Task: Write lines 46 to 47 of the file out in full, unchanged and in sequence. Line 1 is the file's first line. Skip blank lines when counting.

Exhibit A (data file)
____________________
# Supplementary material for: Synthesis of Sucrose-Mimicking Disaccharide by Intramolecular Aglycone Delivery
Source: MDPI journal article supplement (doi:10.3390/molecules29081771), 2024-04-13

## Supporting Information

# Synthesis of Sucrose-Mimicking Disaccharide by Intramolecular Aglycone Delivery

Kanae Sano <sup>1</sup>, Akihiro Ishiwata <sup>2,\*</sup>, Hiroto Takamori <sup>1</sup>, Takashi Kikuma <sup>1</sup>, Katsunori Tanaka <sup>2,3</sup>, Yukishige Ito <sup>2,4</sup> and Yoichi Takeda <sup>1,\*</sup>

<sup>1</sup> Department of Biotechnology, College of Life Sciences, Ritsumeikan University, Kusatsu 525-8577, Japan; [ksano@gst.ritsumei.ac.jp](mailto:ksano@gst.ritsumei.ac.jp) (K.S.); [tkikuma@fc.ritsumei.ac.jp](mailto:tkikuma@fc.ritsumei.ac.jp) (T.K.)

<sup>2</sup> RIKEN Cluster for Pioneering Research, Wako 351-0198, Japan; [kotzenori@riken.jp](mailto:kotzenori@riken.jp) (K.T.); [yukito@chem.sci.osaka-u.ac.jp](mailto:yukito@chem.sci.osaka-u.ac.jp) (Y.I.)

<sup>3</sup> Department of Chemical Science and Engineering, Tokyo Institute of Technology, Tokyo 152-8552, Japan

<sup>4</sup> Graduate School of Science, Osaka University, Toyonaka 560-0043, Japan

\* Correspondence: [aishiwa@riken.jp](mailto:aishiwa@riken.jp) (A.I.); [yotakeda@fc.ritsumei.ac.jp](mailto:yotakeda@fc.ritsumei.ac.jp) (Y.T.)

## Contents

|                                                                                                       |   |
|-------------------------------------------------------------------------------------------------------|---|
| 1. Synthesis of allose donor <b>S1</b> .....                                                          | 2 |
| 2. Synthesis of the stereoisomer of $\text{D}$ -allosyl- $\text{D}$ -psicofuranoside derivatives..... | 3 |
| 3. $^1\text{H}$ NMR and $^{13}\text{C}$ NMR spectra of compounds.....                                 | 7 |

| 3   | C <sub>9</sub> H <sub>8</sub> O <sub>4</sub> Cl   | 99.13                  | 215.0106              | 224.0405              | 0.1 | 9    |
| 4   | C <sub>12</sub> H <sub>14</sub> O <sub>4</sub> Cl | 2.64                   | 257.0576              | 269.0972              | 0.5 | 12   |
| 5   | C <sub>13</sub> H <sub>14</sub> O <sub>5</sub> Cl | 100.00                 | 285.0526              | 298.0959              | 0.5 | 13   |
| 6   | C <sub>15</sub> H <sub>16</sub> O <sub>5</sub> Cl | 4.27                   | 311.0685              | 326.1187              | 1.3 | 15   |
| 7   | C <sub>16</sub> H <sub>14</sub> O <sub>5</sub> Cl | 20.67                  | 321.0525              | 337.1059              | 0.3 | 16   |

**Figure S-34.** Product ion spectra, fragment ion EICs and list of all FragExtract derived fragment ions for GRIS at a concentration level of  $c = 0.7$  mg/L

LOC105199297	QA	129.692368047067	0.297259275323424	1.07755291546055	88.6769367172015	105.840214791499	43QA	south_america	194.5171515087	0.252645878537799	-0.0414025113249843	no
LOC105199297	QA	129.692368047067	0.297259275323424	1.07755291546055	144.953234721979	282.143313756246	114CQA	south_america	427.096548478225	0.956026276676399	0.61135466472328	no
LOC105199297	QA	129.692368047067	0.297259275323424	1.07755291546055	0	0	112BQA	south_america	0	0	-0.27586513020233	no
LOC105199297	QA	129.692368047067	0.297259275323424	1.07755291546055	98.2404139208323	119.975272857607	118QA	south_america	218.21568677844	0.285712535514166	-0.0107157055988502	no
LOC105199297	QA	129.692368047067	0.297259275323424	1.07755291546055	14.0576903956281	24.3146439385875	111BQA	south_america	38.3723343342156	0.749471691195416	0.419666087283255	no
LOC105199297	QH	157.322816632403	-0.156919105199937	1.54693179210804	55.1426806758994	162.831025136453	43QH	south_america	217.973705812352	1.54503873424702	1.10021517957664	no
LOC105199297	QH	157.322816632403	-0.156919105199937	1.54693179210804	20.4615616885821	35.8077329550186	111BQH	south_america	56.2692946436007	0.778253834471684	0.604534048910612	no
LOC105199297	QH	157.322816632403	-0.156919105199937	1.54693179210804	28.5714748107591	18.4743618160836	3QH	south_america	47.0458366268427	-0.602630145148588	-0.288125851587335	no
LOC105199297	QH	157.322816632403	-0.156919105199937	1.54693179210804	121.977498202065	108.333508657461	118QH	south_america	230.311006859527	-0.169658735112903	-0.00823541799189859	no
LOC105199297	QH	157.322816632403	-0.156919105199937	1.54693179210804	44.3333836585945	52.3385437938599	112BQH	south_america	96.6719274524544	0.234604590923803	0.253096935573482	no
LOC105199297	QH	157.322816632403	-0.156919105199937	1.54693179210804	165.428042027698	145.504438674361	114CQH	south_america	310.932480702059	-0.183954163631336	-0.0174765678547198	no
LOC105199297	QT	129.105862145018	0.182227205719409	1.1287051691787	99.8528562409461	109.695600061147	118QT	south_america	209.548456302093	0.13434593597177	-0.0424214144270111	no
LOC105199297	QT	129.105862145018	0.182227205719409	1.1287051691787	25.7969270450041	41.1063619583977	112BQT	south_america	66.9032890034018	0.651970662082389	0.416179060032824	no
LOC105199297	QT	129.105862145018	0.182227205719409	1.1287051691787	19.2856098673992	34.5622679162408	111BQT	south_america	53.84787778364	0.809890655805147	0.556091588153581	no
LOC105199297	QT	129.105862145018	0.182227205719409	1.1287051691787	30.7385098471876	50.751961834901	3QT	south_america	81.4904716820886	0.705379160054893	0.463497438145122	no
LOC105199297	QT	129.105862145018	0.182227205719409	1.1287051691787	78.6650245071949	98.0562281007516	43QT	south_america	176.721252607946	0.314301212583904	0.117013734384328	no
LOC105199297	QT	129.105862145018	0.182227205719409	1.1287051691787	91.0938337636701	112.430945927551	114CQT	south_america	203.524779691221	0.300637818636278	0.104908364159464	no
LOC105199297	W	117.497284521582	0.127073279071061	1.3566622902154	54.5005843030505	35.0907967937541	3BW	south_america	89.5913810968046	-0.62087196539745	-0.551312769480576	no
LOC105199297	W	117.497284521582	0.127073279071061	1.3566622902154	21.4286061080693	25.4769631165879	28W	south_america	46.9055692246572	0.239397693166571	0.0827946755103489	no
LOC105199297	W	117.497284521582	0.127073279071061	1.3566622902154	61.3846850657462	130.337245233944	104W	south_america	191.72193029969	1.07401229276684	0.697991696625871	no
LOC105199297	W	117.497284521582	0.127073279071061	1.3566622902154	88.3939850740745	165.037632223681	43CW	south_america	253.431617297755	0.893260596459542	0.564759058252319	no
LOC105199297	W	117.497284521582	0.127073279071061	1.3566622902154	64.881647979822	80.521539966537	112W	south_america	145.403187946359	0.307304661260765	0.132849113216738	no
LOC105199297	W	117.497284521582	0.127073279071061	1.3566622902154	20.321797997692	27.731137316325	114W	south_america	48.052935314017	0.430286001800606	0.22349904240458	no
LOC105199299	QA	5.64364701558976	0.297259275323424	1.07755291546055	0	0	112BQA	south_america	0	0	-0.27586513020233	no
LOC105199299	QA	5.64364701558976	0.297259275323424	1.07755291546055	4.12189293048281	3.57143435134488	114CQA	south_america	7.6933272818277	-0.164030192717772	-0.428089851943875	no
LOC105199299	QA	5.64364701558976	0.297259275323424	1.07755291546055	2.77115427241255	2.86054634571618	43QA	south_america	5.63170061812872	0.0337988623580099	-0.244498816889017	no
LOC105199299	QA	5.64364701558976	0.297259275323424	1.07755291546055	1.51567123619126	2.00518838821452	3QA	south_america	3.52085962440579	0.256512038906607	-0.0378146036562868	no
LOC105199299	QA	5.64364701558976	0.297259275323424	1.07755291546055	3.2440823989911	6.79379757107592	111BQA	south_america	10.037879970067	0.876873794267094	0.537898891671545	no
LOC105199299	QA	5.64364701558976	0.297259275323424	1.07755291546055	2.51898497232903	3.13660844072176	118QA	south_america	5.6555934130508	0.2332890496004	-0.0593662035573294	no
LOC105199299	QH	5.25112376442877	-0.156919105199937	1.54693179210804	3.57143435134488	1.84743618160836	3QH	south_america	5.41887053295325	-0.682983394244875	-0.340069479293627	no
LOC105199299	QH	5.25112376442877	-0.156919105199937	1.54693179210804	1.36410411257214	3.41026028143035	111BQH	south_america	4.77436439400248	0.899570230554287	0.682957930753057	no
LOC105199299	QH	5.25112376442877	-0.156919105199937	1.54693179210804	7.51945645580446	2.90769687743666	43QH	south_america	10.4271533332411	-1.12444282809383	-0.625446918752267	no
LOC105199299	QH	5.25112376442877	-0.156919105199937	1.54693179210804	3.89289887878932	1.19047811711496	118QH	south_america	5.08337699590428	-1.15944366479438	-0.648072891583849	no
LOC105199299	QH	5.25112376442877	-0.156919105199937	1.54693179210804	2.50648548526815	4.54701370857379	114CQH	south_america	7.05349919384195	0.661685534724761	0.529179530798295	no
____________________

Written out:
LOC105199299	QA	5.64364701558976	0.297259275323424	1.07755291546055	0	0	112BQA	south_america	0	0	-0.27586513020233	no
LOC105199299	QA	5.64364701558976	0.297259275323424	1.07755291546055	4.12189293048281	3.57143435134488	114CQA	south_america	7.6933272818277	-0.164030192717772	-0.428089851943875	no